• Access issues – team members not being able to use the required code repositories

How to deal with Spilled Stories

It is important to devise a strategy on how to manage the uncompleted work. Following are some of the recommended practices: 

  • Review the process followed by the team during the sprint retrospective session. As the team discusses and identifies the root cause for what did not go well during the sprint, the reasons for spilled stories can be identified and actions can be planned to mitigate it. It could be that the cause for most delays may be common and the team has to understand the factors related to delivery delays to quickly move on to discuss other aspects important for project success. The following scenario provides an example of why is it necessary split a big user story to avoid spillovers:
  • Let’s say a team picks up a 5-point story in Sprint 1. At the end of the sprint, the team estimates that they have completed 2 out of the 5 points. However, at the end of the sprint, the story (and all 5 of its points) will be moved to Sprint 2. Assuming this is the only story in Sprint 1, velocity of the team according to JIRA will be:
    • Sprint 1: 0 points
    • Sprint 2: 5 points
  • This approach has following problems:
    • Team velocity is not accurate because the team completed 2 points in one sprint and 3 points in subsequent sprint. But JIRA considers it 0 and 5 respectively and results in inaccurate reporting at the end of the sprint.
    • It’s not clear how many points are actually in Sprint 2 at the start of the sprint, forcing capacity calculation to occur manually. It appears to be 5 points but in reality, it is only 3 points.
  • The way to fix this is as follows:
  • The team has to observe if they are taking too many points into a sprint and end up delivering less. If yes, the team should not commit too much, and has to reduce the points that are being taken in or has to lengthen the sprint duration to allow more to be done. This decision can be taken by analyzing the situation in retrospective meetings.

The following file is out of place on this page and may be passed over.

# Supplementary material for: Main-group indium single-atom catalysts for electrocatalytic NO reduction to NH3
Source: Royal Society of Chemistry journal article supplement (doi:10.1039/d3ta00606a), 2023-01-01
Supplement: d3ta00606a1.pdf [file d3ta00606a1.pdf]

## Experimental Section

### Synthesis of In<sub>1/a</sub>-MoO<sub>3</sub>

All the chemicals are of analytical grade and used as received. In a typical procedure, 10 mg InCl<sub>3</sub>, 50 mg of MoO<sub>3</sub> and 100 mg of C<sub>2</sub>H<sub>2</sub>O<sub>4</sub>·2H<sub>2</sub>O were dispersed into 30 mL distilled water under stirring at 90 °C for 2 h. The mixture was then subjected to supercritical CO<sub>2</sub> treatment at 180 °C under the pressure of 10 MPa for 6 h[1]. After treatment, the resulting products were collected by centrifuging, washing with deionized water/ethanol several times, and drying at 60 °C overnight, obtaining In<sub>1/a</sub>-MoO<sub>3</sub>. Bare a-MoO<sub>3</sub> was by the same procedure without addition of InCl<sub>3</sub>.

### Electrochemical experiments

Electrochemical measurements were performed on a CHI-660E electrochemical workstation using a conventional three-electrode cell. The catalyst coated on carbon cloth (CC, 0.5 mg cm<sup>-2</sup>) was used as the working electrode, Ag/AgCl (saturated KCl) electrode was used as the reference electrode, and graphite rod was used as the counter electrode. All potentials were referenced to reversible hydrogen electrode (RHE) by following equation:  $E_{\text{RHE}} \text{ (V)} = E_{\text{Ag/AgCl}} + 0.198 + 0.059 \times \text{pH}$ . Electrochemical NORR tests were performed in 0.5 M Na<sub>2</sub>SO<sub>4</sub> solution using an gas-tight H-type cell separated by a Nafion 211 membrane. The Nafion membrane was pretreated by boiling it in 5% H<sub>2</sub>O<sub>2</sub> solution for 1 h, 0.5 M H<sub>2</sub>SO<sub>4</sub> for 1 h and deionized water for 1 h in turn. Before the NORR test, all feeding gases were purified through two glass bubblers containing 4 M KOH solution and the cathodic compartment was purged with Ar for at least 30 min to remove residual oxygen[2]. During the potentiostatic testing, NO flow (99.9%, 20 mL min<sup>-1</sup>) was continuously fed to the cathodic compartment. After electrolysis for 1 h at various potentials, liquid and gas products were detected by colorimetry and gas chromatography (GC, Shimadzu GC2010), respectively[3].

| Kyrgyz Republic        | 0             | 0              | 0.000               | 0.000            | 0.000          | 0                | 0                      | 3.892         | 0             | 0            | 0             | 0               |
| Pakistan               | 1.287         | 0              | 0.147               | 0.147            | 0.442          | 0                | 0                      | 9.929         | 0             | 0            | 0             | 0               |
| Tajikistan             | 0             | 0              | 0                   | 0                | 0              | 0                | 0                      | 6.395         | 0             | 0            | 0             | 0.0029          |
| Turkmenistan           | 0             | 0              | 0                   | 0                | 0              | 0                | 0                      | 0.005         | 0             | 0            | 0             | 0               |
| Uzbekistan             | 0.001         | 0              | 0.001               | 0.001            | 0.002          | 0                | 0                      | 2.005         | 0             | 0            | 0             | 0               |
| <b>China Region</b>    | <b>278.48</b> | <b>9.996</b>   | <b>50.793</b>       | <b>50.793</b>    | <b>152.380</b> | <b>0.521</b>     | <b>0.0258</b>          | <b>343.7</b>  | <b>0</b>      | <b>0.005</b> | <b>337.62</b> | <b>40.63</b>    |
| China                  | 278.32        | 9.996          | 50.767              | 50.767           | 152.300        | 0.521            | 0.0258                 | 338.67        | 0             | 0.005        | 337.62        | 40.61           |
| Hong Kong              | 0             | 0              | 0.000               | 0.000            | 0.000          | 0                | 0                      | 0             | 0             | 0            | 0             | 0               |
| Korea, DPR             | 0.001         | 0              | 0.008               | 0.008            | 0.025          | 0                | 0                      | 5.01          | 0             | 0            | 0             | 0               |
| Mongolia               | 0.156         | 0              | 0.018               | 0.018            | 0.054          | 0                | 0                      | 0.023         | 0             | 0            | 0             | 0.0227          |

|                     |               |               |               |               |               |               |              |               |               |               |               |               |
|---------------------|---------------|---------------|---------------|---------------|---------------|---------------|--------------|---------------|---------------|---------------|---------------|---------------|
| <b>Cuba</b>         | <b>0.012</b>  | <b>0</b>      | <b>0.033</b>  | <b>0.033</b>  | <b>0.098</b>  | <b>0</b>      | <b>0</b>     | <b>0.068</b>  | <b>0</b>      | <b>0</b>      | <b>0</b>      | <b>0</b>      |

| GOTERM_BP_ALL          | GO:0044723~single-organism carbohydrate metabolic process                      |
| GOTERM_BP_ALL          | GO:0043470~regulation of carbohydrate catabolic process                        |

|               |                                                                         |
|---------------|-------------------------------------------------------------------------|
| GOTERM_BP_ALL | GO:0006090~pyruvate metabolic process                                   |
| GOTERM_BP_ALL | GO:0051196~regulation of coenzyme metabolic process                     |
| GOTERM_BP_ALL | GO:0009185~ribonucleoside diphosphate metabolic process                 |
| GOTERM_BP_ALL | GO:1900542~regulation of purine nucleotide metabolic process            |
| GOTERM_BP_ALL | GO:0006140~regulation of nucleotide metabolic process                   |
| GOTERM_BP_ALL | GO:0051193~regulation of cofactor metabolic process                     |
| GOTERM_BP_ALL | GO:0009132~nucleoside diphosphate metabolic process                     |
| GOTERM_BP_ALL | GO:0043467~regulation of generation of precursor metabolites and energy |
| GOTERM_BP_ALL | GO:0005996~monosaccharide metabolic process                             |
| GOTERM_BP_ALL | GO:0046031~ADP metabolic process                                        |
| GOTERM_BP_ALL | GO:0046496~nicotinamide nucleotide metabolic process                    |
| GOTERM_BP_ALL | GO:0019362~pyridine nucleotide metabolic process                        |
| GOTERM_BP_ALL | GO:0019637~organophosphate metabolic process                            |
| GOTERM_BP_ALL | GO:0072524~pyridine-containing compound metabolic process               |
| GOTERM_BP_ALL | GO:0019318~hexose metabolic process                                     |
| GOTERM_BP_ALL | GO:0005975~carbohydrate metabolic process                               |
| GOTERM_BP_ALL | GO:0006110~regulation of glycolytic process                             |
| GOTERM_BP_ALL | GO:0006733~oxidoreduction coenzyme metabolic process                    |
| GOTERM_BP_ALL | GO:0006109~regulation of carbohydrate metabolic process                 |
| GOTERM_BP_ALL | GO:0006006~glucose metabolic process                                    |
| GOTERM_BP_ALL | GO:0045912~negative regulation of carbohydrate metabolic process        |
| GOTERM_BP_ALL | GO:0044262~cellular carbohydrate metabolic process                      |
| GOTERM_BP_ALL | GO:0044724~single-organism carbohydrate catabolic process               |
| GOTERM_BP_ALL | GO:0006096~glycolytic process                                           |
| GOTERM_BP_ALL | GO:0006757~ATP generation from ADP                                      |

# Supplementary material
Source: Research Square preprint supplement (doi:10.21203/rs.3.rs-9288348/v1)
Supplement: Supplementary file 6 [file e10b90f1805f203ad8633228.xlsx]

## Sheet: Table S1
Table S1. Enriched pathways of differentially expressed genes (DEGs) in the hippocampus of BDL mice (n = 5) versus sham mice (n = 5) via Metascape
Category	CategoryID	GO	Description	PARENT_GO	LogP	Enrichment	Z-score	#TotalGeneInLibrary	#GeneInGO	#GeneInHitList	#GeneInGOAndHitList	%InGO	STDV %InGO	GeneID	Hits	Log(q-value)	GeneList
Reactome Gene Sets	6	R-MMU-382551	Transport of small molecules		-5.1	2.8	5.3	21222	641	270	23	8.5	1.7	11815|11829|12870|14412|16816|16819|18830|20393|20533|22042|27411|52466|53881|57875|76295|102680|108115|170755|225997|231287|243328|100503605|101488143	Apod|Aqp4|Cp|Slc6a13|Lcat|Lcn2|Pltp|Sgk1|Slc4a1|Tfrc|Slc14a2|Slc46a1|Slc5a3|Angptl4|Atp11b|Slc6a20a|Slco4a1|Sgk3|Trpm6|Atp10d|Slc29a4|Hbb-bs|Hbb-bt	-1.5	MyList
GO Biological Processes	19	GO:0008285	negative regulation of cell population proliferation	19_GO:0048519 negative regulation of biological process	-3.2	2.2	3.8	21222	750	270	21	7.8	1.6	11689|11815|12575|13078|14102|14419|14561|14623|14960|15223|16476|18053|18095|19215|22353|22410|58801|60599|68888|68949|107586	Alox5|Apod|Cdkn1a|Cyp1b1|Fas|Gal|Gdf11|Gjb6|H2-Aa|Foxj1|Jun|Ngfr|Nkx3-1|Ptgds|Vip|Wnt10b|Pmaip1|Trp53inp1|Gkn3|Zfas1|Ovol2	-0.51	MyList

• If the team finds out that stories don’t fit into one sprint, they have to split them into more manageable chunks before starting the sprint and take only those that can be delivered.
  • Team has to get better at estimating and has to consider all the dependencies that are to be addressed for them to deliver.
  • Team has to discuss the required actions to be taken on the user stories that got spilled over. The Product Owner has to decide whether the stories are still on high priority or not.
    • If yes, then the story can be taken up in the next sprint as it was already decomposed to the most granular level during grooming and. If the story was done partially it is important for the team to discuss the amount of work remaining to complete it. This analysis may result in the creation of a new user story (for the remaining work) with new acceptance criteria, a new DoD, and a new estimation.
    • If the story is not on priority, then move the story to the bottom of the product/ release backlog. The story has to be prioritized during backlog grooming, re-estimated and has to be taken up in future sprints.
  • The Scrum Master has to understand the availability of the team members for the entire duration of the sprint and has to plan the amount of work that can be taken up accordingly. Capacity based sprint planning is one of the approaches that can be adopted by a scrum team to avoid spilled stories. Including some buffer in the capacity plan for unplanned work is always helpful.
  • Refine the Product Backlog before Sprint Planning – It is  better to have product backlog refinement sessions in advance to reduce ambiguity. Scrum Master has to coach the team on the importance of having 1–2 sprint’s work refined in advance to avoid spilled stories.
  • A scrum team has to dedicate more time for planning by defining a proper goal for the sprint and ensuring that all user stories are aligned with the sprint goal. The scrum team has to set aside some buffer time for unplanned work which will give the team some breathing space just in case a story runs for more than planned.